That’s all right Jon. I’ve put the bottle to my head and pulled the trigger a few times myself.'”

Randall brought that line to Anderson. He combined that with an idea he had about a “midnight cigarette,” and “Whiskey Lullaby” was born.

But that’s not the most surprising part of the song’s backstory. 

Anderson and Randall wrote “Whiskey Lullaby” in 2000. Shockingly, no one claimed it. Anderson thought maybe its sad subject matter deterred a lot of artists from giving it a try.

Finally, The Chicks placed “Whiskey Lullaby” on hold. They maintained their hold for three years, but never recorded the song.

Meanwhile, Brad Paisley made it known he wanted to record “Whiskey Lullaby” if The Chicks ever dropped their claim. After the public backlash surrounding their criticism of President George W. Bush, the trio released their hold on the song.

Then Paisley had the primary hold. He immediately rushed to record the song, and asked Anderson what he thought about making it a duet. When Anderson asked who he had in mind, Paisley named Dolly Parton and Alison Krauss as potential collaborators.

As you know, Krauss was the one who joined Paisley on the song. They released their duet in March 2004, and it reached the third spot on the Hot Country Songs chart. Randall and Anderson won the 2005 CMA Award for Song of the Year.

Head here to learn more about the surprising backstory behind “Whiskey Lullaby.”

“Don’t You Think This Outlaw Bit’s Done Got Out Of Hand” By Waylon Jennings

Many of Waylon Jennings’ songs were inspired by tales from his “outlaw” life. One of the most notable examples was his song “Don’t You Think This Outlaw Bit’s Done Got Out of Hand.”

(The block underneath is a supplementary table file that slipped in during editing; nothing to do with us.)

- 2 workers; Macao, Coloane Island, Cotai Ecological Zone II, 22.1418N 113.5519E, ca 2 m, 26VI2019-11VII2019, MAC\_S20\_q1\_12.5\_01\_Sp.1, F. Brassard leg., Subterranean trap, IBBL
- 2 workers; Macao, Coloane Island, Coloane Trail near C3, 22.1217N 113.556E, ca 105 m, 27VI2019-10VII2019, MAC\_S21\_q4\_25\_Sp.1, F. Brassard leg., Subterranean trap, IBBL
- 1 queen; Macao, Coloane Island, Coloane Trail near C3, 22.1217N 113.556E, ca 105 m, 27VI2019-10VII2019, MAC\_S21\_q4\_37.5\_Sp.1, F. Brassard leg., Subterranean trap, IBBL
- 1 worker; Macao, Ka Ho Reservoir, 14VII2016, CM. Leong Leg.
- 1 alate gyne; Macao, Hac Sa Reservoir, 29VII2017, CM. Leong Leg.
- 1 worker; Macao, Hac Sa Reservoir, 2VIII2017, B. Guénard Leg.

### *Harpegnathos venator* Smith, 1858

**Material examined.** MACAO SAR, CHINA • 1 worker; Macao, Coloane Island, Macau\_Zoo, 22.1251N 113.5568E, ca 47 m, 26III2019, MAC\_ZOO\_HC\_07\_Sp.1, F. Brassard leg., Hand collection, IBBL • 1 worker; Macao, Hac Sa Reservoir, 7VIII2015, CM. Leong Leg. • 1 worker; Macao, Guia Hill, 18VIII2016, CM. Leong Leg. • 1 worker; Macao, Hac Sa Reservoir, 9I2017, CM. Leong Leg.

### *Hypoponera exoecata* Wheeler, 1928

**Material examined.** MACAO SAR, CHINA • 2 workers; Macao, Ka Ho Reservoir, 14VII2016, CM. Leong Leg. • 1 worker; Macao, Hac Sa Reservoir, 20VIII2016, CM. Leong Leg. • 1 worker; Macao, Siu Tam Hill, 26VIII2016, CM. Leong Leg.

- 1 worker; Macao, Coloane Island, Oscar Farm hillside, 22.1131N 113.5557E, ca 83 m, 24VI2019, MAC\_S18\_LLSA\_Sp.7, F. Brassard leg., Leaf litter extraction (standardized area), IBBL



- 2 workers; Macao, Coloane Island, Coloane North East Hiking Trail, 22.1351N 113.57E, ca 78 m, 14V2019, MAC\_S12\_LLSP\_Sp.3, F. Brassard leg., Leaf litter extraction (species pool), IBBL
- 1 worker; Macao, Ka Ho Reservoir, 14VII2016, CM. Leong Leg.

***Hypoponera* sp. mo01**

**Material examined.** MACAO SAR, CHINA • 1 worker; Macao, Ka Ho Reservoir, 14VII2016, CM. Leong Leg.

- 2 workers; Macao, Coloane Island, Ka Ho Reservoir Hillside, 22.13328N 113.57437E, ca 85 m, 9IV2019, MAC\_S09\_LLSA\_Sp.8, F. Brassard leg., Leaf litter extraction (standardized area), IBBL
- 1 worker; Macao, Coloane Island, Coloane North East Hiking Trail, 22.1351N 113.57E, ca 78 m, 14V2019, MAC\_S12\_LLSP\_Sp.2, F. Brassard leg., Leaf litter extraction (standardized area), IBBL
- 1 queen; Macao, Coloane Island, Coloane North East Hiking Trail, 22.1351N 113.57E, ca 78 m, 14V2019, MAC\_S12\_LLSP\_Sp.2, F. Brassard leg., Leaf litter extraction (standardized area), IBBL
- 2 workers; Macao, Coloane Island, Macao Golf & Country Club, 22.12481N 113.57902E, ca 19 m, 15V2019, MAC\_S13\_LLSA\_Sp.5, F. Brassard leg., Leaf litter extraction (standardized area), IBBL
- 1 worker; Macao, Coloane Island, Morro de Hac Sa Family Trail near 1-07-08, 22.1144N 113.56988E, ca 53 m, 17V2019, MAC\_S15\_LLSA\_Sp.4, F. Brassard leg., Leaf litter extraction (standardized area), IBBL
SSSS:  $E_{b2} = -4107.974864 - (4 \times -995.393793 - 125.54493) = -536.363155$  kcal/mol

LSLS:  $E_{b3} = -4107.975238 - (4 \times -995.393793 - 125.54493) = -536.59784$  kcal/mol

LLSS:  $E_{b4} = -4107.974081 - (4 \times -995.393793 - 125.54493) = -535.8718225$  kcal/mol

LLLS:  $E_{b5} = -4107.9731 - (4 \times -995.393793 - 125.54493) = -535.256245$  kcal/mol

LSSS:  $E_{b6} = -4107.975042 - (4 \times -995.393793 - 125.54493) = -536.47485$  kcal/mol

The song was written entirely by Jennings, and tells the real-life story of the time the DEA came knocking when he was in the middle of working at his recording studio.

The year was 1977. Jennings had developed a serious drug habit, and pills and cocaine were his drugs of choice.

One of Jennings’ acquaintances sent him a package containing a large amount of cocaine through a private delivery service. Someone working at the service thought the package seem suspicious, so they opened it. They informed the DEA about their discovery. The DEA removed most of the contents, but sent a few grams on to Jennings in Nashville.

Jennings was recording in the studio one night when the DEA showed up. He noticed an error in their warrant, which named him as the owner of the studio. He only owned the office next door, and rented the studio.

While the agents waited to correct the warrant, Jennings and his drummer Richie Albright rushed to get rid of the drugs they had in the studio. While they were successful, the DEA arrested Jennings anyway.

Because of the mistake on the original warrant, Jennings was let off the hook. The experience rattled him a bit, to say the least, and inspired him to write “Don’t You Think This Outlaw Bit’s Done Got Out of Hand.”

The song ended up reaching the fifth spot on the country chart in the U.S. and was a #1 hit in Canada.

Learn more about the crazy true story behind “Outlaw Bit” here.

“Jolene” By Dolly Parton